Amirizadeh (left) and Rostampour
Tyndale Momentum
Amirizadeh (left) and Rostampour

Finding freedom

Iran | Imprisoned in Iran for almost a year, Christians Marziyeh Amirizadeh and Maryam Rostampour now can share their ordeal: ‘In Evin Prison, everything is a shock’

Issue: "Unstoppable?," April 20, 2013

ATLANTA—Deep inside the walls of Evin Prison in Iran’s capital city of Tehran, a team of officials guard as many as 15,000 inmates they deem some of the most dangerous offenders under the current Islamic regime.

The charges include murder, rape, and theft. For nearly 300 days in 2009, the offenders in Evin Prison also included a pair of young women facing a charge they didn’t deny: embracing Christianity.

Maryam Rostampour and Marziyeh Amirizadeh gained international attention after their arrests in Tehran in March 2009. Authorities charged the Christian women with apostasy, anti-government activity, and blasphemy—all capital crimes in the Islamic republic. 

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The arrests stemmed from a flurry of Christian activity over three years. The women, who met at a conference in Turkey in 2005, had spoken with many others about Christianity, and had hosted Bible studies in an apartment they shared near the prison. One Bible study, called “Mary Magdalene,” served prostitutes. 

The pair also distributed some 20,000 New Testaments across Tehran and other cities. (These Farsi-language Scriptures offered an accurate translation that countered state-endorsed Bibles depicting Jesus as only a prophet.)

It’s unclear how much Iranian authorities knew about the women’s activities, but during a raid on their apartment, they confiscated Bibles and other Christian material. During interrogations, they pressured the women to cease all Christian activity. 

They refused, and Amirizadeh remembers telling one interrogator: “Unless you cut out my tongue, I will keep feeding the people’s hunger for truth about Jesus.”

After intense international pressure, officials released the women after 259 days. They fled Iran to protect their families and friends, and gained refugee status to enter the United States in 2011. They chronicled their experience in their recently released book Captive in Iran and spoke with WORLD near their home outside Atlanta.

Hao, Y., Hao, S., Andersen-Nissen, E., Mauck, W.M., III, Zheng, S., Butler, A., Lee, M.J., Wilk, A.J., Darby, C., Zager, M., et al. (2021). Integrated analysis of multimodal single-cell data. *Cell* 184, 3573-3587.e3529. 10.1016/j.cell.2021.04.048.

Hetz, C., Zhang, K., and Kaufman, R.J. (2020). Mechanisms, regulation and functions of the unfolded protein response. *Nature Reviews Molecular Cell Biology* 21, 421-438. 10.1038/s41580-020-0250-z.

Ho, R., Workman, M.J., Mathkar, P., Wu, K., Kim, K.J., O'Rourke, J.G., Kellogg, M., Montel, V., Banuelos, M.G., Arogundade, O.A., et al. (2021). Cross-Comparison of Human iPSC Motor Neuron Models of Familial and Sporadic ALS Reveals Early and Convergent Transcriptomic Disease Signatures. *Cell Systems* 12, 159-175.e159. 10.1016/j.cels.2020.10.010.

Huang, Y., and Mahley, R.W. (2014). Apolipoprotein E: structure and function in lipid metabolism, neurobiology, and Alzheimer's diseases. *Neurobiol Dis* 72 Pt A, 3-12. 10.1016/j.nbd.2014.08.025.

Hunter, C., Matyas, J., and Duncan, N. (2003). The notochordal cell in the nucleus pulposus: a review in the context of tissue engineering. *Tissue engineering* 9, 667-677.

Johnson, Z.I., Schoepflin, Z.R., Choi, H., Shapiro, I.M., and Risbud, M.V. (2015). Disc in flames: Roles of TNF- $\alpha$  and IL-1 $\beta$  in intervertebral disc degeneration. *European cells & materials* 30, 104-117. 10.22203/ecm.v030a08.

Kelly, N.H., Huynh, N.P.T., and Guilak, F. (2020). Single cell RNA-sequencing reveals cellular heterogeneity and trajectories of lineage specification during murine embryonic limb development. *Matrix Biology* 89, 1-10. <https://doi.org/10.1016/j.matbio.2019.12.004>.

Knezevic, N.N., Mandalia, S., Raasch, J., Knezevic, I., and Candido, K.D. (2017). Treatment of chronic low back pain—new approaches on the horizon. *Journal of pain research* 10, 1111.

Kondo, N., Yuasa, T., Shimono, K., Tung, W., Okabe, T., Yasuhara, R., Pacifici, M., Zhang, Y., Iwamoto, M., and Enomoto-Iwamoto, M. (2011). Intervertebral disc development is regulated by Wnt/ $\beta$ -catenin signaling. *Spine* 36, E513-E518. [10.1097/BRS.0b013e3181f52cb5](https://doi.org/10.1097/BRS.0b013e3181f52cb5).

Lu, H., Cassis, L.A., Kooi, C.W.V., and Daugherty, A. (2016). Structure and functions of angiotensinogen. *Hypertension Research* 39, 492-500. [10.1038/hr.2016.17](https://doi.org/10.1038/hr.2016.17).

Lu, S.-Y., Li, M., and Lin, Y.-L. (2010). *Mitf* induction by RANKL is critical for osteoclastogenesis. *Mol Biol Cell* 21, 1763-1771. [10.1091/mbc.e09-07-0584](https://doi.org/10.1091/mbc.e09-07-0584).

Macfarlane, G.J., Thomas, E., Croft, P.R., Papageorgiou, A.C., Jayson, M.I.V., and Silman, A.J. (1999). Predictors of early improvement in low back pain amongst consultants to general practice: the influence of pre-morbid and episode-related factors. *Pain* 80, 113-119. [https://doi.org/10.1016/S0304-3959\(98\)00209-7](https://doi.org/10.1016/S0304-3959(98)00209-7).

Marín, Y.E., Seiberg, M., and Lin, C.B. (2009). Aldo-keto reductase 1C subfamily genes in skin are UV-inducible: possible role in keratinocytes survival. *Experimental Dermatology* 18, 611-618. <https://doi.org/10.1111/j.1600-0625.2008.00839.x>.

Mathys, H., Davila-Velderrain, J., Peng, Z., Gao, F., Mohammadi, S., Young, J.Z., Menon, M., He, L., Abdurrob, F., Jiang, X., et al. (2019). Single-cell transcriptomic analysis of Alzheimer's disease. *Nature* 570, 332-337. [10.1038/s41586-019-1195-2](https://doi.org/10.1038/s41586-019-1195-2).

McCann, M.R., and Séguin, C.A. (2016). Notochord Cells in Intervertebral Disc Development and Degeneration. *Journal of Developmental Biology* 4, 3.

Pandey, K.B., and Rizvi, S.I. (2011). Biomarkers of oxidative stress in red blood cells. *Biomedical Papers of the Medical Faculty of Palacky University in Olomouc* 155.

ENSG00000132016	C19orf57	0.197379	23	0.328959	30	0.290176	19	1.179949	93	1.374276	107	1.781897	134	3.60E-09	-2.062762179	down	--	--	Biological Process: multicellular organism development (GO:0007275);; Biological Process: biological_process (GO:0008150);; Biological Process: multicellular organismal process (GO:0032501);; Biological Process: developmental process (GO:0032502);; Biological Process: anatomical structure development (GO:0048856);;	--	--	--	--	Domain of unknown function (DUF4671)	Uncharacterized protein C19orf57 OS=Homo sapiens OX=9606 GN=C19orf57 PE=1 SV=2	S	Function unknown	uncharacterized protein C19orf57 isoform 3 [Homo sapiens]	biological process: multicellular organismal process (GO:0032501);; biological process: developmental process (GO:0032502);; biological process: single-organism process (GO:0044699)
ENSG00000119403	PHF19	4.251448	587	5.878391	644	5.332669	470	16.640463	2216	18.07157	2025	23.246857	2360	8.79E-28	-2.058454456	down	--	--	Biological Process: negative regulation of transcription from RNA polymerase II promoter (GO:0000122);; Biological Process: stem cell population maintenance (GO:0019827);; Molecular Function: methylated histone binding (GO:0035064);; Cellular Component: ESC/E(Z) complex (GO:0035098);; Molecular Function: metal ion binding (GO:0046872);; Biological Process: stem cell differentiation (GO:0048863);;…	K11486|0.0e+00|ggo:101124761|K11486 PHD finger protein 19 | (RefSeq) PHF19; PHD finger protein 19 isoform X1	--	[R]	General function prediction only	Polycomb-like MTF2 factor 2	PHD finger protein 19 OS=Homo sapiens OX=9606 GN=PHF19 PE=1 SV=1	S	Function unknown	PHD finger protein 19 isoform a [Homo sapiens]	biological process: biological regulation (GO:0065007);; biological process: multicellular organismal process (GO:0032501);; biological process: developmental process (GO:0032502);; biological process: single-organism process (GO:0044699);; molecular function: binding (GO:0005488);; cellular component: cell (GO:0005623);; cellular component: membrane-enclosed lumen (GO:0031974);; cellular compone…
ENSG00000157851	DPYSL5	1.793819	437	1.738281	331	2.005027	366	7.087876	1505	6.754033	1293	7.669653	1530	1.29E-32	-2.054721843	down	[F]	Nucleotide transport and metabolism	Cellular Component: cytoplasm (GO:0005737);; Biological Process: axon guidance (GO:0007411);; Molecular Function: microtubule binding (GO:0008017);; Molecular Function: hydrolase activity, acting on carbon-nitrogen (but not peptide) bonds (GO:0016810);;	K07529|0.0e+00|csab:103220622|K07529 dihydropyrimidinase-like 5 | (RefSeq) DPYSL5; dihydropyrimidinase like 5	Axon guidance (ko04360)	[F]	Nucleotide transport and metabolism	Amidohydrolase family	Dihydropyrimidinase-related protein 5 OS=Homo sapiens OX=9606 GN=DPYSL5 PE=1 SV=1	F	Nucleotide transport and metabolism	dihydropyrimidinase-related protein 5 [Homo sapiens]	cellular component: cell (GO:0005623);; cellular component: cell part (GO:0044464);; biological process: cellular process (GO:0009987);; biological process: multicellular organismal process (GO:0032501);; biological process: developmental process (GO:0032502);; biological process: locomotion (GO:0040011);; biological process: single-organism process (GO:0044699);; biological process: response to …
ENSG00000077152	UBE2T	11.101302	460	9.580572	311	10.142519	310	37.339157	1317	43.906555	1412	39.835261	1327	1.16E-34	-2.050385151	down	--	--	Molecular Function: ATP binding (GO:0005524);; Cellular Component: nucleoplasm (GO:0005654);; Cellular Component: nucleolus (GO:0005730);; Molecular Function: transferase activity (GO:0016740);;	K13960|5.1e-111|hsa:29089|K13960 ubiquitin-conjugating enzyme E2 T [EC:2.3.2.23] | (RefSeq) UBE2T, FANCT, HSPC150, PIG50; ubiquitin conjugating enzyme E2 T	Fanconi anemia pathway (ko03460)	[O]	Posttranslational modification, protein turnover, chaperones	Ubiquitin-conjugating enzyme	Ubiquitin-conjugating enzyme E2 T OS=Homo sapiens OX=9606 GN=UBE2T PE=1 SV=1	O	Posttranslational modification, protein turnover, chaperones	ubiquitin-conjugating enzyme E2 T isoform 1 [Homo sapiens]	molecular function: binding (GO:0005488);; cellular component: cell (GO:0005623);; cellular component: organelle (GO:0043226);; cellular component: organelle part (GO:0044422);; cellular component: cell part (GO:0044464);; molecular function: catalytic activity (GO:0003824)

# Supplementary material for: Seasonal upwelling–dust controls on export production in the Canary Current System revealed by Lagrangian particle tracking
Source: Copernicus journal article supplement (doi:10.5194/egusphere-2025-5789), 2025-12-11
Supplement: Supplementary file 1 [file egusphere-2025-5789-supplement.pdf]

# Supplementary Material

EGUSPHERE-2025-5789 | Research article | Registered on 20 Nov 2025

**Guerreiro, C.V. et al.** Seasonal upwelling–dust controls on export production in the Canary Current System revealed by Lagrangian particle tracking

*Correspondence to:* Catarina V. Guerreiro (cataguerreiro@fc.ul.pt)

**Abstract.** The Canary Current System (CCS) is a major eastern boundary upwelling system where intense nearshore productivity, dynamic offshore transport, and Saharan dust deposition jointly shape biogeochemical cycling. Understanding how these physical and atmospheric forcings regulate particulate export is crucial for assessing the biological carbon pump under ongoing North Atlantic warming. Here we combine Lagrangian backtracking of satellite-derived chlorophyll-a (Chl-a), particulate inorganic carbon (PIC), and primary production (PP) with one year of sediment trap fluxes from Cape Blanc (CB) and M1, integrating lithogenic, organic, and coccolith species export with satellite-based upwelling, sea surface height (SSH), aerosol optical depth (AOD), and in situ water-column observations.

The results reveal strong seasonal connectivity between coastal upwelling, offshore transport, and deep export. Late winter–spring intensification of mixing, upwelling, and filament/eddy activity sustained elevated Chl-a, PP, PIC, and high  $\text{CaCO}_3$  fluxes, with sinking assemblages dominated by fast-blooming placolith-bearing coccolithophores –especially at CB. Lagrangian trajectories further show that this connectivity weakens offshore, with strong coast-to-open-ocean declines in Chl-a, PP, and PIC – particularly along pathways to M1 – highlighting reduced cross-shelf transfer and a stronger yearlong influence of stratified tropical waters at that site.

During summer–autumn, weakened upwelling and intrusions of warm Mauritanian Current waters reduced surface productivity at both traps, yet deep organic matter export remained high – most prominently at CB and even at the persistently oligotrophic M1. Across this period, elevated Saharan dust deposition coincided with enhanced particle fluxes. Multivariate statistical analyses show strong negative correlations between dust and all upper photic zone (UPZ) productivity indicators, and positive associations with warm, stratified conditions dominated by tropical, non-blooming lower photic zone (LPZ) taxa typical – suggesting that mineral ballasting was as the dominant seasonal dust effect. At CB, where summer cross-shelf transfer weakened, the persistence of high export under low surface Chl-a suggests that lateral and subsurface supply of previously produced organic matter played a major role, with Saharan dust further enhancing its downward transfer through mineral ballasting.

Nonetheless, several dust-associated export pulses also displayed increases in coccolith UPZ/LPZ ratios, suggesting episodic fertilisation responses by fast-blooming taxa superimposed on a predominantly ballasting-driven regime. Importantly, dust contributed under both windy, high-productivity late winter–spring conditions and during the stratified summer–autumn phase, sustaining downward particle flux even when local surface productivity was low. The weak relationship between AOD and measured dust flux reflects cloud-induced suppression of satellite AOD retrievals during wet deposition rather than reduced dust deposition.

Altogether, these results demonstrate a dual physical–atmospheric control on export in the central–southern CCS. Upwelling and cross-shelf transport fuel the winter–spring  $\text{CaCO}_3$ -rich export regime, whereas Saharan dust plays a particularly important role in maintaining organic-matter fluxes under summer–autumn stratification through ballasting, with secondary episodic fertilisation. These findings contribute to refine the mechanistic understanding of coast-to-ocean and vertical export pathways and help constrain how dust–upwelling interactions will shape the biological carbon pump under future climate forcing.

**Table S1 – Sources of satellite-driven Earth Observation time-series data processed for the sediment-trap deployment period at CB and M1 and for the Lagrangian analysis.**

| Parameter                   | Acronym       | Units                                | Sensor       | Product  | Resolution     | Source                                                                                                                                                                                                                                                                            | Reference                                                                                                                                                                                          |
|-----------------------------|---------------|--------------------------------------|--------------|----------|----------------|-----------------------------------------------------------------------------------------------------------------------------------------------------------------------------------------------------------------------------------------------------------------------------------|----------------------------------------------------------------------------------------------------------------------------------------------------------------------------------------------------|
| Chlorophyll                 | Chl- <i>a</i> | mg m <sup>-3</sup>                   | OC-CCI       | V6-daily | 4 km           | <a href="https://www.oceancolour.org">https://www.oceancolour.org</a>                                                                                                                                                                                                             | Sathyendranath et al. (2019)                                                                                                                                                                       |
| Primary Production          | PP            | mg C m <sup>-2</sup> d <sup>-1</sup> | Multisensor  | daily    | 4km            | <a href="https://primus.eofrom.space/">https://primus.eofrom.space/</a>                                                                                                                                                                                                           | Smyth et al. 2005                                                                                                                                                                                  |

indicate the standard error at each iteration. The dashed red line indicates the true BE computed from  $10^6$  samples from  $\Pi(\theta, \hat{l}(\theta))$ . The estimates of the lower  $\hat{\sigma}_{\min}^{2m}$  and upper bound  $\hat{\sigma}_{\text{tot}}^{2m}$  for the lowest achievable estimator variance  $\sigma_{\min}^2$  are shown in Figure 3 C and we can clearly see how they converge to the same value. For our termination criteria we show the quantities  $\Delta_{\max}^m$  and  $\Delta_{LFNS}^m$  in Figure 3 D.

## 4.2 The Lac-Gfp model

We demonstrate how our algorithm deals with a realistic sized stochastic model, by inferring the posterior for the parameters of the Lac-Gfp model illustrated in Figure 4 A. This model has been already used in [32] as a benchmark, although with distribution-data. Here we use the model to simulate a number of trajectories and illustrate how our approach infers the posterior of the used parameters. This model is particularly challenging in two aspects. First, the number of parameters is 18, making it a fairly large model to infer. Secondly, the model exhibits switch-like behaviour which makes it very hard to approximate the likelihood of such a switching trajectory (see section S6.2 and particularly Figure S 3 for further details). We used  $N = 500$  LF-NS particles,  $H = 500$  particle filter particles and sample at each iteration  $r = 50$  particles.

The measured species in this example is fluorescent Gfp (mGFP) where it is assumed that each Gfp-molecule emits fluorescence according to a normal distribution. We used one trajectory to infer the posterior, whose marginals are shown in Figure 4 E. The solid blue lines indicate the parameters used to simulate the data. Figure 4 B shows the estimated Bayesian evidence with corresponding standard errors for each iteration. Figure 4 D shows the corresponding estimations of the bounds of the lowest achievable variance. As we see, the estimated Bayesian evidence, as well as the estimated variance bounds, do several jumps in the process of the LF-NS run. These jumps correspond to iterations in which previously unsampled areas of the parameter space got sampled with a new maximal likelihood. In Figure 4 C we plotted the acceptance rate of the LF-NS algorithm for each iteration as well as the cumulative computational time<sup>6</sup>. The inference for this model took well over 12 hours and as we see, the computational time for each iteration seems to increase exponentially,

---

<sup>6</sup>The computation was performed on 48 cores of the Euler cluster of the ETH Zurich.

These days, they’re grateful for freedom in the United States, but they remain burdened for millions of Iranians living under an oppressive regime. “We feel that all of Iran is a prison,” said Amirizadeh. “It isn’t just about Evin.”

Indeed, the women’s arrest in 2009 marked a significant moment in a fresh wave of persecution against Christians in Iran. Last September human-rights experts at the UN confirmed what persecution watchdogs had reported for months: Iranian officials have intensified their clampdown on evangelical churches. 

Sometimes that means intimidation or harassment, but the UN estimates Iranian authorities have also arbitrarily arrested and detained more than 300 Christians since 2010. Some Christian groups estimate the number is far higher.

The highest-profile cases have included Iranian Pastor Youcef Nadarkhani: Officials jailed him in 2009 for apostasy against Islam and sentenced him to death by hanging. (After intense international pressure, Iranian authorities released Nadarkhani in September 2012.)

Others remain in jail: Iranian-American Pastor Saeed Abedini has languished in Evin Prison since authorities arrested him while visiting his family in Iran last September. Abedini’s wife, who lives in Idaho with the couple’s two children, has spoken widely in the United States for his release. 

Others receive less attention: For example, Iranian house-church pastor Farshid Fathi has been in Evin Prison over two years and faces four more years in his sentence. Officials deemed his Christian activities “actions against national security.” In a letter to his family last November, the husband and father of two children mentioned other Christians he met in prison.

“The narrow way that I am passing through I see as a cup that my Beloved has given me, and I will drink it to the end, whatever that end might be,” he wrote. “What really matters is that I am my Beloved’s and my Beloved is mine.”

The same reality sustained Amirizadeh and Rostampour. The women endured deprivation, sickness, and threats in Evin Prison, but they cherished their faith in Christ and their opportunities to speak with dozens of other women about the gospel.

Those conversations—and their pre-arrest ministry in Tehran—gave the pair rare exposure to some of the most oppressed people in Iranian society: women with little protection and little hope. “For women, life is very stressful in Iran,” says Amirizadeh. “You always wonder what will happen next. You worry about everything.”

If Amirizadeh, 34, and Rostampour, 31, worried about their Christian activity in an Islamic regime, it doesn’t show. The pair grows animated when they talk about their three-year ministry in Tehran.

Both women grew up in Muslim homes in separate cities in Iran but professed Christianity after encountering the teachings of the Bible. Amirizadeh began attending a house church. Rostampour attended an Armenian church, one of the only official churches allowed in Iran. A pastor baptized her at midnight in a secret service in the basement of another church. 


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